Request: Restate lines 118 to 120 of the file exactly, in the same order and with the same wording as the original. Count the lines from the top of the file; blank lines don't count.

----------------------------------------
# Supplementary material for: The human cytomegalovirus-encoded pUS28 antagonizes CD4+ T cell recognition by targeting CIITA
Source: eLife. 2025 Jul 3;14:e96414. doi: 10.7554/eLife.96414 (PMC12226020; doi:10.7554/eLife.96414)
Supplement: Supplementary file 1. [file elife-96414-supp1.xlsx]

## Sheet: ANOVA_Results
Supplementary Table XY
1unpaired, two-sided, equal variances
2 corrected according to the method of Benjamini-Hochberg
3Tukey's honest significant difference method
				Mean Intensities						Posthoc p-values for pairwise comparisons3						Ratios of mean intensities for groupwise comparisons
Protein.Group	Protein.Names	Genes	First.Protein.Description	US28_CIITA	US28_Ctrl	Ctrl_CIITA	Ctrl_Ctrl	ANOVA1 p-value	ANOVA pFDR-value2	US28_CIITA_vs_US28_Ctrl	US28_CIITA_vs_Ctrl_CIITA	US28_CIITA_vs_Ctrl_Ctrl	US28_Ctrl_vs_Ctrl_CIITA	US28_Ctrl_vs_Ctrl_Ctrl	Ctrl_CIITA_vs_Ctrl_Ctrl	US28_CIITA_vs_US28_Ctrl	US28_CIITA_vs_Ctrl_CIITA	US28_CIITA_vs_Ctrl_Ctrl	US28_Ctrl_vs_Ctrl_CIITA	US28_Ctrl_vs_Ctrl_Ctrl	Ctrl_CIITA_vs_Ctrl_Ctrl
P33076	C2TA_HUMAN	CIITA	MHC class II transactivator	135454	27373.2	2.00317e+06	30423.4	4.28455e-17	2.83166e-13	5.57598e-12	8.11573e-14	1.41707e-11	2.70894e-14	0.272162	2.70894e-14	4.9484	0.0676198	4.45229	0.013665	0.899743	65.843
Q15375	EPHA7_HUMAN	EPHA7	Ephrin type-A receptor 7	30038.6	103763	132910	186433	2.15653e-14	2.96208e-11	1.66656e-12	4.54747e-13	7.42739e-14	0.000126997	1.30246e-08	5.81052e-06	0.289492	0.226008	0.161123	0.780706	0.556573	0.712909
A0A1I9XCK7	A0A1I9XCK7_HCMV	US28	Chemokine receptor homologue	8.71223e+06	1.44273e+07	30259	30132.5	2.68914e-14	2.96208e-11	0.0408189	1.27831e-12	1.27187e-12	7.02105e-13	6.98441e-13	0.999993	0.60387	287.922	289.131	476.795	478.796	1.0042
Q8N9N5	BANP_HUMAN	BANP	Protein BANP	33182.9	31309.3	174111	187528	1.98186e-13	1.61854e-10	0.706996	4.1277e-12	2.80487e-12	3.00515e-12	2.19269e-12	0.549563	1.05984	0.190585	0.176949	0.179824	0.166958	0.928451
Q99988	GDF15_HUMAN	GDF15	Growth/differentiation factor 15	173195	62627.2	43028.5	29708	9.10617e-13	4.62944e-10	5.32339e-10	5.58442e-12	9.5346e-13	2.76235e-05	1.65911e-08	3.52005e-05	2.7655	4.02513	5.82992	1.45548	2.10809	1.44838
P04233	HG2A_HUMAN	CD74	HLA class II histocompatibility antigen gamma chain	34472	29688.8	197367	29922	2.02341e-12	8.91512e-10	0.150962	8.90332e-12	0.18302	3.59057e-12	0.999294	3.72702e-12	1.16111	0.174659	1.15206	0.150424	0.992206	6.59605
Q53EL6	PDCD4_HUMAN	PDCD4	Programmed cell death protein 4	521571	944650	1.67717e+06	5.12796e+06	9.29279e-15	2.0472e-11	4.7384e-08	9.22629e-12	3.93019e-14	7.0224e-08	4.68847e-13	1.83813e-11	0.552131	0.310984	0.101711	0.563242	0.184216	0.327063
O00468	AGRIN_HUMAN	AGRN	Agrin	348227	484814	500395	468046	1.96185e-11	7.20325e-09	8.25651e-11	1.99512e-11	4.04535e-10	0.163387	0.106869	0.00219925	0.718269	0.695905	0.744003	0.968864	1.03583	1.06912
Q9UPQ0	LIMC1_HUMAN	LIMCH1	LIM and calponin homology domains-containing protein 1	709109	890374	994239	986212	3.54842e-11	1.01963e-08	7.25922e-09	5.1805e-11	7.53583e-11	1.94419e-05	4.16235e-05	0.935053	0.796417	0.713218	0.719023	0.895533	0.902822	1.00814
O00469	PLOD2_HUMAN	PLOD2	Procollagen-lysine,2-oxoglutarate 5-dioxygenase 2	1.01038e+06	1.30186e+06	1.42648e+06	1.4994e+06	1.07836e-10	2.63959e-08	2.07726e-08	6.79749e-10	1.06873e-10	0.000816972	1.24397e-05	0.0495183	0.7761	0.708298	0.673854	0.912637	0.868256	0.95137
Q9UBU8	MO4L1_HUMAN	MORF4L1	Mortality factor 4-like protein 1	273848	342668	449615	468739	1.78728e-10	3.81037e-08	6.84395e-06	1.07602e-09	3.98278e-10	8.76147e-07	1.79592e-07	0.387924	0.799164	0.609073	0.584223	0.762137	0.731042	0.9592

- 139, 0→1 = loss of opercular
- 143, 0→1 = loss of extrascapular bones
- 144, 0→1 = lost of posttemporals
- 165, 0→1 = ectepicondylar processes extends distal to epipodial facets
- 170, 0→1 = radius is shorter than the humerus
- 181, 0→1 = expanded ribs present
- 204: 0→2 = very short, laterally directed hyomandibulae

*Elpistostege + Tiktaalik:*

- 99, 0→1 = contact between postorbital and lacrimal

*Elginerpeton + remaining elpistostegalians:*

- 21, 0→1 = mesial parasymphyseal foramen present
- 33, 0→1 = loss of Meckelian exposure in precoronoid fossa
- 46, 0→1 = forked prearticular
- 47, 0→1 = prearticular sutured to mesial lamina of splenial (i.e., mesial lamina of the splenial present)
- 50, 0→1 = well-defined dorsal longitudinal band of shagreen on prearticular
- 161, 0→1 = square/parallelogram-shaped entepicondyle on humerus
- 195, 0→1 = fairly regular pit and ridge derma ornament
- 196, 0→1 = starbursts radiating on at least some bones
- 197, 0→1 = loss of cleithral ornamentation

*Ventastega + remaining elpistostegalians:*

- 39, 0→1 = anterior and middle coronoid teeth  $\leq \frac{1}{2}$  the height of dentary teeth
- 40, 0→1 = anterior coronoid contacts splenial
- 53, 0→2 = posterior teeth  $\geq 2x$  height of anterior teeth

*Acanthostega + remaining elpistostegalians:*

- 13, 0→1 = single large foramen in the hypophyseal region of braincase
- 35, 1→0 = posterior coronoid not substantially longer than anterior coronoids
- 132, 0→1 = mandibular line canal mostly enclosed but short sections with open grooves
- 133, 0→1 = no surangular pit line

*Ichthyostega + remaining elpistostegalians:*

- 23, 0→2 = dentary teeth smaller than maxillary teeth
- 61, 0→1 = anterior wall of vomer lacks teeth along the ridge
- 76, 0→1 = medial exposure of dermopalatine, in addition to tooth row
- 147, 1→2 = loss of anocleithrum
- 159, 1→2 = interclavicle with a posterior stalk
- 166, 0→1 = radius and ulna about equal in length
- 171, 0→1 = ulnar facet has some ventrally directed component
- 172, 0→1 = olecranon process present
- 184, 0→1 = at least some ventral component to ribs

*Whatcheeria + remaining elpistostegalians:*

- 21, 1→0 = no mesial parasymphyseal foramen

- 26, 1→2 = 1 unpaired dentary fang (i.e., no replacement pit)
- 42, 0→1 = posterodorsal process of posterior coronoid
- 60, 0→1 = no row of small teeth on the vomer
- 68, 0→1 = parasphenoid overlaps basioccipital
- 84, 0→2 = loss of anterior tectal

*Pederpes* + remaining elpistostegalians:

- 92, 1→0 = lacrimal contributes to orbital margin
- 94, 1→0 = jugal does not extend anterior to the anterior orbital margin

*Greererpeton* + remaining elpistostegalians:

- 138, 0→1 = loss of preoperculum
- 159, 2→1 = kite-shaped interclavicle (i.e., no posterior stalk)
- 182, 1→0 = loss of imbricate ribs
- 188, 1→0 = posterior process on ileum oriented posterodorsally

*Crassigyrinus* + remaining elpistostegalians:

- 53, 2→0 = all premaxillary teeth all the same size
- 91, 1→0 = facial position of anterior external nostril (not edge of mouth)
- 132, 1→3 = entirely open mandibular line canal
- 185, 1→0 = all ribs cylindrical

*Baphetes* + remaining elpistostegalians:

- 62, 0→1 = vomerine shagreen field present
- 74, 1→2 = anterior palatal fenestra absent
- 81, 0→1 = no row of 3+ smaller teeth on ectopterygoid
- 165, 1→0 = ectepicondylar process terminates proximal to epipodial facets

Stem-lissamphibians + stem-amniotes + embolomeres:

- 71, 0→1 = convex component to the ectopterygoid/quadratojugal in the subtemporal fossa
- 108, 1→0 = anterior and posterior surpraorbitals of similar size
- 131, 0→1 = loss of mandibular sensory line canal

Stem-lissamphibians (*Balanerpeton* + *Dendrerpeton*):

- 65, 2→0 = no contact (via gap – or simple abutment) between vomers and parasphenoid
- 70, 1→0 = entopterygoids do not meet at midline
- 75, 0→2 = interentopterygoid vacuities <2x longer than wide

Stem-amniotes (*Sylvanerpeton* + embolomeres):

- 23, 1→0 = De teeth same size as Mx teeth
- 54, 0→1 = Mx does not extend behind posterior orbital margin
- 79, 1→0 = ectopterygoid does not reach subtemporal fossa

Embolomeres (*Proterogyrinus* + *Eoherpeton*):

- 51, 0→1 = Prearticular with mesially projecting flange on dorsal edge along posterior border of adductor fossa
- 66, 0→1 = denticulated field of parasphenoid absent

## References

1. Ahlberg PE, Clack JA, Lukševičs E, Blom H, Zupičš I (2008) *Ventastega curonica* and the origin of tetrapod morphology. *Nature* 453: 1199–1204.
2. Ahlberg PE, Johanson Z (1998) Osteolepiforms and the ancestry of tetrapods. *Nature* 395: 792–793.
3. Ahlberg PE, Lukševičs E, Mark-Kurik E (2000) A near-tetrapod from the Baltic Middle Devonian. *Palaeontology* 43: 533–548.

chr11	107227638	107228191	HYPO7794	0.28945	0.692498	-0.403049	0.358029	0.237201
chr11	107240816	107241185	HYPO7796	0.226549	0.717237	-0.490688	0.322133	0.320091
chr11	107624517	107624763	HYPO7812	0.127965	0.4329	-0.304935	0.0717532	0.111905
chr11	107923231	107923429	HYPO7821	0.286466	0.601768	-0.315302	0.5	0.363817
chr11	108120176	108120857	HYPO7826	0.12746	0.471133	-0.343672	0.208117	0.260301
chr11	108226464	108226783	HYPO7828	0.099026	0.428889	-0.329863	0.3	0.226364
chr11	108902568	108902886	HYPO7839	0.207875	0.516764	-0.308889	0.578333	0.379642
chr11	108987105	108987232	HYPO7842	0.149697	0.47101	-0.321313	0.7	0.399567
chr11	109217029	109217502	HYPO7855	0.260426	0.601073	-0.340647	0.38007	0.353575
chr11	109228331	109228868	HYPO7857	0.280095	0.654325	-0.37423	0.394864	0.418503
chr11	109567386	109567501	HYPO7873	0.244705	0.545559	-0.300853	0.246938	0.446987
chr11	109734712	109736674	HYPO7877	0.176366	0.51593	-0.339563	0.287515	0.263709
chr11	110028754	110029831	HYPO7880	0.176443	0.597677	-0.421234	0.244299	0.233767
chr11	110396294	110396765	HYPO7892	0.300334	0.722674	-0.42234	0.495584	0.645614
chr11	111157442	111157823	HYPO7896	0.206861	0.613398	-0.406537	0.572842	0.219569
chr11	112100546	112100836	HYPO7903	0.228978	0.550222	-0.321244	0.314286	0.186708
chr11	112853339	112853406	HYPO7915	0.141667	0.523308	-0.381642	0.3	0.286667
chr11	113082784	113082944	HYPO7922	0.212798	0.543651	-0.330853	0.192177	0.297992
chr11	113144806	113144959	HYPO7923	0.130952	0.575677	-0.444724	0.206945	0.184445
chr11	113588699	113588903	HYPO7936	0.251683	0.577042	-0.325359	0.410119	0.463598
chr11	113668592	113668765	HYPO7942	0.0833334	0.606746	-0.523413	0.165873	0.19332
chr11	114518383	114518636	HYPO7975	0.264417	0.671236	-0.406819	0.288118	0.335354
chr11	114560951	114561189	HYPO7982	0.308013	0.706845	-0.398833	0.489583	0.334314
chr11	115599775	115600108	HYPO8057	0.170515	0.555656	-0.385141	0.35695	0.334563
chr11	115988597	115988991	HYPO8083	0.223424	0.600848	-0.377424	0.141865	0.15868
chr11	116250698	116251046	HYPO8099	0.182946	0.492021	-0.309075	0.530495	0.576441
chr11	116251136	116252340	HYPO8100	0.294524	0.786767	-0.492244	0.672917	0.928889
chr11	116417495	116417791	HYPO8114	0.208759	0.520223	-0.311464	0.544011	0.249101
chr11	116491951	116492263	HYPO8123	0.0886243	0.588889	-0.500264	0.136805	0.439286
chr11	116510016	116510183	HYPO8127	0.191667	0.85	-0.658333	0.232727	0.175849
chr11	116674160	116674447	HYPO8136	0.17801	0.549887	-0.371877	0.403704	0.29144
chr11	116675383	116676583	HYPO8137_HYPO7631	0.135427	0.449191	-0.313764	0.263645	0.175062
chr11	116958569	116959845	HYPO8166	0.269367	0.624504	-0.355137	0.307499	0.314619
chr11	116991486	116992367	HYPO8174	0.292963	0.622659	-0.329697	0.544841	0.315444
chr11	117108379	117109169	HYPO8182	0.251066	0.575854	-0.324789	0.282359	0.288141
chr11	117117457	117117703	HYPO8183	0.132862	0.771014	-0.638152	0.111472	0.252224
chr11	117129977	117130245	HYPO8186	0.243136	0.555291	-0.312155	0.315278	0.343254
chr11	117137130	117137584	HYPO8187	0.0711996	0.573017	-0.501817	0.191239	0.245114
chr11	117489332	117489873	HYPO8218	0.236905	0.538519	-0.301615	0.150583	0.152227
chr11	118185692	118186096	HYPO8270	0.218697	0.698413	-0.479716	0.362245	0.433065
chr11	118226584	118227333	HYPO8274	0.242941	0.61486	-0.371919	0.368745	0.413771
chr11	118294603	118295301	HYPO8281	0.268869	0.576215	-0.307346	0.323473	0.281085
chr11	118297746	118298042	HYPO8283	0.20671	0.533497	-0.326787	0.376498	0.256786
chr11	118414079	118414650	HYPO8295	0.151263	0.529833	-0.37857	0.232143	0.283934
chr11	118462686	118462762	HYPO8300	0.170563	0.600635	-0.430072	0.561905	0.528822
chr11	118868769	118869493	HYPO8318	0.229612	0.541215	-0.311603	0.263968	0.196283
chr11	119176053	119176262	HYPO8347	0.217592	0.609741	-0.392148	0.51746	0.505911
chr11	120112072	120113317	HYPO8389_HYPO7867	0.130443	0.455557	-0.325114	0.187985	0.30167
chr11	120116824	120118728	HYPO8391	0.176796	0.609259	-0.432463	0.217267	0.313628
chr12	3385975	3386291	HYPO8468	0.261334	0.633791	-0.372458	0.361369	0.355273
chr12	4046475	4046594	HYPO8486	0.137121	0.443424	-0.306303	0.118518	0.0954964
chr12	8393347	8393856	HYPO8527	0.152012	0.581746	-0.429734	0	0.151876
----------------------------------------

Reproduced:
chr11	111157442	111157823	HYPO7896	0.206861	0.613398	-0.406537	0.572842	0.219569
chr11	112100546	112100836	HYPO7903	0.228978	0.550222	-0.321244	0.314286	0.186708
chr11	112853339	112853406	HYPO7915	0.141667	0.523308	-0.381642	0.3	0.286667